Testing Your Water at Home for Contaminants

Testing your water at home and purchasing the appropriate water treatment systems is part of a regular household maintenance that any homeowner should consider. If your water comes from a public source of water, then it is likelier to have already been tested but if your water comes from a private source such as a well, then it is crucial to test it for contaminants. This can prevent damage to your home through pipe corrosion as well as deter personal health risks.

There are a few ways to test your home for contaminants. The first way is to go to a regular home improvement store and purchase water testing kits. These are usually relatively inexpensive and will give you a good enough estimate to be able to make the appropriate decisions for which kinds of water contaminants you want to treat. A second option is to directly contact a company that sells water treatment products and ask if they offer water testing services. Often these companies will do so with no charge if you purchase their systems. A third option is to find a local laboratory which tests your water. This option will return the most accurate results but is also the most expensive.

Below is a description of several contaminants that may be found in household water. After this description are links to the EPA website where the acceptable levels of the contaminants are listed. If your contaminant goes above this level, it is essential that appropriate action be taken to filter this out of your water.


In and of itself this is not a contaminant, hardness refers to hard water as opposed to soft water. Hard water means it contains a lot of minerals. While this isn’t a problem, there is a happy medium of the amount of minerals you want in your water. Hard water may be caused by an excess of Calcium or Magnesium in your water supply, along with a lot of other positively charged elements. Hard water is typically treated with water softener systems whereby you by pellets or a salt block from the store and your water supply runs through it. The ion exchange which occurs leaves the water with less minerals than before, making it softer water.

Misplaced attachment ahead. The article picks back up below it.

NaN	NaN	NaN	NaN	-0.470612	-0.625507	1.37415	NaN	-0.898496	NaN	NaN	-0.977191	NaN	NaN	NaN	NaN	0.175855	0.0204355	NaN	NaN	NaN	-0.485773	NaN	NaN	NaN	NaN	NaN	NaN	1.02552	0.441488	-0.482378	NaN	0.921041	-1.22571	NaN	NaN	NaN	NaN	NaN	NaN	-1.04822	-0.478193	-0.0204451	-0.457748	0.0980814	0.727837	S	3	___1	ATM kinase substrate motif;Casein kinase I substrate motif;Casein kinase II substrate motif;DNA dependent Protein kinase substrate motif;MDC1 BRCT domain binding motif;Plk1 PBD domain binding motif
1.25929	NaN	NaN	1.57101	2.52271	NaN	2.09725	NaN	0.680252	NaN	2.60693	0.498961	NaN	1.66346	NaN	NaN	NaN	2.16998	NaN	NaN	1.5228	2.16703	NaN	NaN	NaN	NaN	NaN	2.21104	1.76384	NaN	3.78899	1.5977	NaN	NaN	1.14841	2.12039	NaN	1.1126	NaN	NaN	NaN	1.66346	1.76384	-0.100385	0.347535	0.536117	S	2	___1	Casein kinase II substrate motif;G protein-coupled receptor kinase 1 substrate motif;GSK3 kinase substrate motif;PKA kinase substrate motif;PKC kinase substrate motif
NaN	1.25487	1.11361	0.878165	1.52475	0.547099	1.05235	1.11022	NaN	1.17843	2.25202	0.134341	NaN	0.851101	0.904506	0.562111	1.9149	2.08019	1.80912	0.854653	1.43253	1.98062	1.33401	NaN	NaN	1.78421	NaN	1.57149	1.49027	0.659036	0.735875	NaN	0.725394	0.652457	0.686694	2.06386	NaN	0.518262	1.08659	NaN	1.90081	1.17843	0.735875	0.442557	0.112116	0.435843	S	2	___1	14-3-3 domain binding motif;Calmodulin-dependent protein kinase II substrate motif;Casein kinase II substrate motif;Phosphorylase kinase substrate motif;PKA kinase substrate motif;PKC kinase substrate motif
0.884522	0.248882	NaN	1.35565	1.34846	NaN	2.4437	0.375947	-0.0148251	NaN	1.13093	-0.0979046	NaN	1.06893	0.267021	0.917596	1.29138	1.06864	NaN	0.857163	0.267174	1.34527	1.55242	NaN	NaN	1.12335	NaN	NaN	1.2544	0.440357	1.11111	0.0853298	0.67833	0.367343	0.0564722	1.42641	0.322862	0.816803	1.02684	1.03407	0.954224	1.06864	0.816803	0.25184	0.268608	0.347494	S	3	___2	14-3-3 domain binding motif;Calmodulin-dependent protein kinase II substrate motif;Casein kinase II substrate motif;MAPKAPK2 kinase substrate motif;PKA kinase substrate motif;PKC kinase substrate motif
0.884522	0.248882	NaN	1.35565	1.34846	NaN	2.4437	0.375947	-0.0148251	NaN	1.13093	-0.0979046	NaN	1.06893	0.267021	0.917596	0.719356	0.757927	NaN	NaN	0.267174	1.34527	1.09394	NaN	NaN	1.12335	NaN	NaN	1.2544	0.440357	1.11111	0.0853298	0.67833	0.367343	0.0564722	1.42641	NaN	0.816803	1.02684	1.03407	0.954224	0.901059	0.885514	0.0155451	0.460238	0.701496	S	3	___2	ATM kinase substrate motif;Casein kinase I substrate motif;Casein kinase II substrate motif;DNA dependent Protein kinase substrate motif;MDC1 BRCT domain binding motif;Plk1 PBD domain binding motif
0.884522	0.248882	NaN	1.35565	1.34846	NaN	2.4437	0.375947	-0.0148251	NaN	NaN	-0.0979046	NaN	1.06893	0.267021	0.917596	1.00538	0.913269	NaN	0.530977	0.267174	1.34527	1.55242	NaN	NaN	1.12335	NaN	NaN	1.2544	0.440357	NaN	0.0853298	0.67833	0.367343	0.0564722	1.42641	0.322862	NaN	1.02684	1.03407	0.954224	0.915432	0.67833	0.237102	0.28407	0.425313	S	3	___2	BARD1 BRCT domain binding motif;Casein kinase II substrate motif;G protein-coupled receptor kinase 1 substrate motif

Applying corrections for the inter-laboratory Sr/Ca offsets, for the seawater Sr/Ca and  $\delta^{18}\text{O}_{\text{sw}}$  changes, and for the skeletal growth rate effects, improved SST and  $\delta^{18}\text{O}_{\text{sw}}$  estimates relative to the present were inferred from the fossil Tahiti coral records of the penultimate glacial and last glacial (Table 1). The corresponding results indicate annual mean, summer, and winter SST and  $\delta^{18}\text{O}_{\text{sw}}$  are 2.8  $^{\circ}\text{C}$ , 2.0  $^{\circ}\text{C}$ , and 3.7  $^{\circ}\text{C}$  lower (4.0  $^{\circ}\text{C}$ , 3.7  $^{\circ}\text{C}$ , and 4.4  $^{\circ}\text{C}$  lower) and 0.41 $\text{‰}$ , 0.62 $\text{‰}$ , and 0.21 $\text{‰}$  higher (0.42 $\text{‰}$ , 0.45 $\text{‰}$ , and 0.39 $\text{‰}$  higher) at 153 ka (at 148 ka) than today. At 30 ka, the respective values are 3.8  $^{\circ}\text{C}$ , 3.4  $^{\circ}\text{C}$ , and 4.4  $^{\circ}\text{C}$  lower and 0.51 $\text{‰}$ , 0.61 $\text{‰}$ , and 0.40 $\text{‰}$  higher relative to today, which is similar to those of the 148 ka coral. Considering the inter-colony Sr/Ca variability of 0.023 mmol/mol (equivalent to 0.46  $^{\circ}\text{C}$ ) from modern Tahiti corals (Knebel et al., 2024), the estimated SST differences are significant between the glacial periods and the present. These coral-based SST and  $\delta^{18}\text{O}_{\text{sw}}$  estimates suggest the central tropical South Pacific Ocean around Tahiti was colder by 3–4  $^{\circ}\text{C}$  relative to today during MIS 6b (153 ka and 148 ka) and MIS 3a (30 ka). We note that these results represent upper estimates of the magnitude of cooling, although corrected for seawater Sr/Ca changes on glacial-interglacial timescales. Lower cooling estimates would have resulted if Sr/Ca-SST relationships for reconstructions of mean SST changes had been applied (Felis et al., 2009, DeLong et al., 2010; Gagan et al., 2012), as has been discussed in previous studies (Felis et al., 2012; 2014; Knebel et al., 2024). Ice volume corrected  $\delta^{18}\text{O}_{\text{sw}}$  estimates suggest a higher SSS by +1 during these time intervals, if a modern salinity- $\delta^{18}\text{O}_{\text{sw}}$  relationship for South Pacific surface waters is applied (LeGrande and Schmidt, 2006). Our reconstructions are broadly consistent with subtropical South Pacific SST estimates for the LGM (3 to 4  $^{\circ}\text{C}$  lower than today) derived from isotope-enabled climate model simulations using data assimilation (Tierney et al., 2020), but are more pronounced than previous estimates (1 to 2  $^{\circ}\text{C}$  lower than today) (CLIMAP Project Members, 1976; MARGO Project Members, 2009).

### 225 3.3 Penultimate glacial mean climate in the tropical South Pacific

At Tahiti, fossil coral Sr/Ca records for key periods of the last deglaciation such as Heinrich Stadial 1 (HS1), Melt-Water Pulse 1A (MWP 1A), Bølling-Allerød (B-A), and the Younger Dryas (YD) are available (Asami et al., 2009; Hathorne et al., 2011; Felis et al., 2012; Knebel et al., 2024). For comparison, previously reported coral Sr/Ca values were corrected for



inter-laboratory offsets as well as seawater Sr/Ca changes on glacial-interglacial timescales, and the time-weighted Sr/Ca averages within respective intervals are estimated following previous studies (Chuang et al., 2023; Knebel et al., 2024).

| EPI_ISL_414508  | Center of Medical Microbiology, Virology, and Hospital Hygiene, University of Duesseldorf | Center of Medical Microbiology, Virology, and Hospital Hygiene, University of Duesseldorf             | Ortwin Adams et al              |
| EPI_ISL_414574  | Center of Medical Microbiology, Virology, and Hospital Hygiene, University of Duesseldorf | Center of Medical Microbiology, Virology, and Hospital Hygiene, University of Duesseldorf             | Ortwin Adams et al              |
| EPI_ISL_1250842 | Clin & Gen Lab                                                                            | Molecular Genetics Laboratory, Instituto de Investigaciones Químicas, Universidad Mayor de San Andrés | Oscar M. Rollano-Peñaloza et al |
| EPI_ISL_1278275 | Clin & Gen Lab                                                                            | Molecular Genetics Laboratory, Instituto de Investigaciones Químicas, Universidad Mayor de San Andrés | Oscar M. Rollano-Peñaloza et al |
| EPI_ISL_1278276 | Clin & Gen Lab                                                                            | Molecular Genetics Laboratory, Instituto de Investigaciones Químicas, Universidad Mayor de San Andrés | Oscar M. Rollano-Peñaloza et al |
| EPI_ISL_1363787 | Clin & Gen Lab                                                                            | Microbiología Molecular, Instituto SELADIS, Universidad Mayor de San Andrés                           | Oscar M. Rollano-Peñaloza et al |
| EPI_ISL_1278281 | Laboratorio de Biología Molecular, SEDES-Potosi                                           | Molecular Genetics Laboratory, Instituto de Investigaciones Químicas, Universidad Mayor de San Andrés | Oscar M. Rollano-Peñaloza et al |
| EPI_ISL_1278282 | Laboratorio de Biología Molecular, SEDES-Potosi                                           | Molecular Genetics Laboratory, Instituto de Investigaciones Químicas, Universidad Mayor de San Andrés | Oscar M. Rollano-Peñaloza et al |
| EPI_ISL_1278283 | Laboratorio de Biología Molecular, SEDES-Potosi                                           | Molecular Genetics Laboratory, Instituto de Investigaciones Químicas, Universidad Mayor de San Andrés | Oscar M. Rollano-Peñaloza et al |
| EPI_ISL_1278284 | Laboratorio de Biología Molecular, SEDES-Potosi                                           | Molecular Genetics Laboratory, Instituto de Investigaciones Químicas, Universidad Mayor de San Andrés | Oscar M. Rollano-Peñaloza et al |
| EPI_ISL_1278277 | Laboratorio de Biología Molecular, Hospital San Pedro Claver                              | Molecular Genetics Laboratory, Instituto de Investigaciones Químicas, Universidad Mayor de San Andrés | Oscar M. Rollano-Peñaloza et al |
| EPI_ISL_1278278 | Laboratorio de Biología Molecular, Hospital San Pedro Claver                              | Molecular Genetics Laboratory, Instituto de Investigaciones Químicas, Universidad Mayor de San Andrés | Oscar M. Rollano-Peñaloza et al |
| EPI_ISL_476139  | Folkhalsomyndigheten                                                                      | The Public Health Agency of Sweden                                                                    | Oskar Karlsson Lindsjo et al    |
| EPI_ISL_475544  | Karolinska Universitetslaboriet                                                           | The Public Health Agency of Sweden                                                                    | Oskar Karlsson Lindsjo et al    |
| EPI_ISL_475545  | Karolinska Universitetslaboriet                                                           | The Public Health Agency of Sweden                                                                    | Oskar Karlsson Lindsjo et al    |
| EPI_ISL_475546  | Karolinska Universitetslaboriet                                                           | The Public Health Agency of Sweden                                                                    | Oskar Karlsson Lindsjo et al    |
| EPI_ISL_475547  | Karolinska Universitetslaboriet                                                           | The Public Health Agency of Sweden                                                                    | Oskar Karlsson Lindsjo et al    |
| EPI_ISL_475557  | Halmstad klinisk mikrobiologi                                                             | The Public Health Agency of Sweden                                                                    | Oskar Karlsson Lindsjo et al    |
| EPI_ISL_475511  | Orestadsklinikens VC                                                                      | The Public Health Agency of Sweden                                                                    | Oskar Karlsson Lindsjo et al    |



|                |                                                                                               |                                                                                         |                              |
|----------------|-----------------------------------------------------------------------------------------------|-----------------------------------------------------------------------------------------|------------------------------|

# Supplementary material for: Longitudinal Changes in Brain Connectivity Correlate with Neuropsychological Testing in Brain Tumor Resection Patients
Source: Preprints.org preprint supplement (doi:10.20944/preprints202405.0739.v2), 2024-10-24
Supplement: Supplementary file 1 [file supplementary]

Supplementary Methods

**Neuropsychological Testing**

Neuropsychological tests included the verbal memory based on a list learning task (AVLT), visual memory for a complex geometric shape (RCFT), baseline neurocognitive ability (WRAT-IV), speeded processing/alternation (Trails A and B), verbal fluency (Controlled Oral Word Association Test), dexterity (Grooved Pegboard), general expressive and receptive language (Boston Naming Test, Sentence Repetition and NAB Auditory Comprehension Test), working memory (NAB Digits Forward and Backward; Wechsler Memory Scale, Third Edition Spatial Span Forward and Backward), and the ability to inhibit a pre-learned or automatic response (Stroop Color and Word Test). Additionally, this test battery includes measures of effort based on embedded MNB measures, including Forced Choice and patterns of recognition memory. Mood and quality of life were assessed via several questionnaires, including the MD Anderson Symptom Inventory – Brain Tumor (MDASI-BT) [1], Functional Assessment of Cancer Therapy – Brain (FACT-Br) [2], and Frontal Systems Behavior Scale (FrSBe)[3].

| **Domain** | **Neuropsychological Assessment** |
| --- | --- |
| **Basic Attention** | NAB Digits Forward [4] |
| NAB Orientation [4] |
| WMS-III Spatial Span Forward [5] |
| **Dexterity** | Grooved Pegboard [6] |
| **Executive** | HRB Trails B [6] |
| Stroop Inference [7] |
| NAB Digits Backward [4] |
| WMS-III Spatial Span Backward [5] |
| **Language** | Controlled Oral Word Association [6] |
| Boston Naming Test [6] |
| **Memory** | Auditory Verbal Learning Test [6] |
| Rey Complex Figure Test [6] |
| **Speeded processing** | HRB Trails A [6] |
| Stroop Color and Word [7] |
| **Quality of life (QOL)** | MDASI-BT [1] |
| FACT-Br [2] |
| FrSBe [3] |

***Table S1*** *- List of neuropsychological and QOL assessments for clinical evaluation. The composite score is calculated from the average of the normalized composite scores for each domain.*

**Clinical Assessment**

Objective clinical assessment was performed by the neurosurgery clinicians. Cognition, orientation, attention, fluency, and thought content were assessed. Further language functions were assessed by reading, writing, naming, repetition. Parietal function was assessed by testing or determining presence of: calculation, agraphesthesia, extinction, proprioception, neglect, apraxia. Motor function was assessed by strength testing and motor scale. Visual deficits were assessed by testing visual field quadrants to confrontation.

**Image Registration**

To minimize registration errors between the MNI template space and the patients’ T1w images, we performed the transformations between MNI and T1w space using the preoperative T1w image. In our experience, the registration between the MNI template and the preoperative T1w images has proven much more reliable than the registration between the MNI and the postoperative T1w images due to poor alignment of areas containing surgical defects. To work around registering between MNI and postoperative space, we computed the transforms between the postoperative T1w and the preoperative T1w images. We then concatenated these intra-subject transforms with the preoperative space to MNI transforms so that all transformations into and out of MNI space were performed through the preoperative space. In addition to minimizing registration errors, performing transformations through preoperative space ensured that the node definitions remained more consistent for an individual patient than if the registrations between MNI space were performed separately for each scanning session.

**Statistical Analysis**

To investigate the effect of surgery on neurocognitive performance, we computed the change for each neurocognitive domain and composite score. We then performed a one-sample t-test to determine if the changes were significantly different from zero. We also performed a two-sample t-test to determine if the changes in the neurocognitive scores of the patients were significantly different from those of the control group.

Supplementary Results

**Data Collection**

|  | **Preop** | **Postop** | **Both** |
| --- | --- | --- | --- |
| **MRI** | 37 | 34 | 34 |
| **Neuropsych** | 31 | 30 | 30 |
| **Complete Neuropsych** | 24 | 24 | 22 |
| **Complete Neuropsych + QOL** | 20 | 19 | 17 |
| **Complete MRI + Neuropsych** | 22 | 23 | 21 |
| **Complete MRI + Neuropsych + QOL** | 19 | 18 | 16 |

This refers to several negatively charged elements. Chloride, Fluoride, Sulfate, and Nitrate are all examples of anions. These anions can be found in your water supply and can have health hazards or may cause an unpleasant taste in your water. Chloride has typically been added to prevent bacterial growth in many public water systems but too much will leave an unpleasant taste. An excess of sulfate in your water may create a laxative effect. Anions are typically treated through distillation, reverse osmosis systems for drinking water, or ion exchange systems, along with a softener. If left untreated, too many anions can also cause corrosion to pipes.


Iron, Manganese, and Lead are examples of metals found in the water which can cause very serious health hazards in the event that they are left untreated. Many metals are listed by the EPA to have primary drinking water regulations. Iron can cause problems with your pipes because iron eating bacteria may form inside, clogging and corroding them. Iron and Manganese are treated with filtration systems quite effectively but such a system is generally expensive.

Hydrogen sulfide

Sulfide can leave an unpleasant rotten egg type of odor in your water. It is also corrosive and can lead to ruined pipes, stained laundry, or tarnished silverware. There are several treatment options for sulfide which often require a separate water treatment system.


Tannins are decayed organic materials which are sometimes found in well water. They are byproducts found in water passing through vegetation and soils. It’s possible to find tannins close to a source of swampy or still water. They don’t typically pose a health risk but can lead to discolored water and therefore stained clothes in your laundry. They don’t taste very good either.

This is just a basic list of contaminants but a full list can be found on the EPA website for primary (serious, can cause health risk) and secondary (purely aesthetic) regulations for these contaminants. You can check if your level of contamination is too high using these links:

National Primary Drinking Water Regulations (EPA)

Secondary Drinking Water Standards (EPA)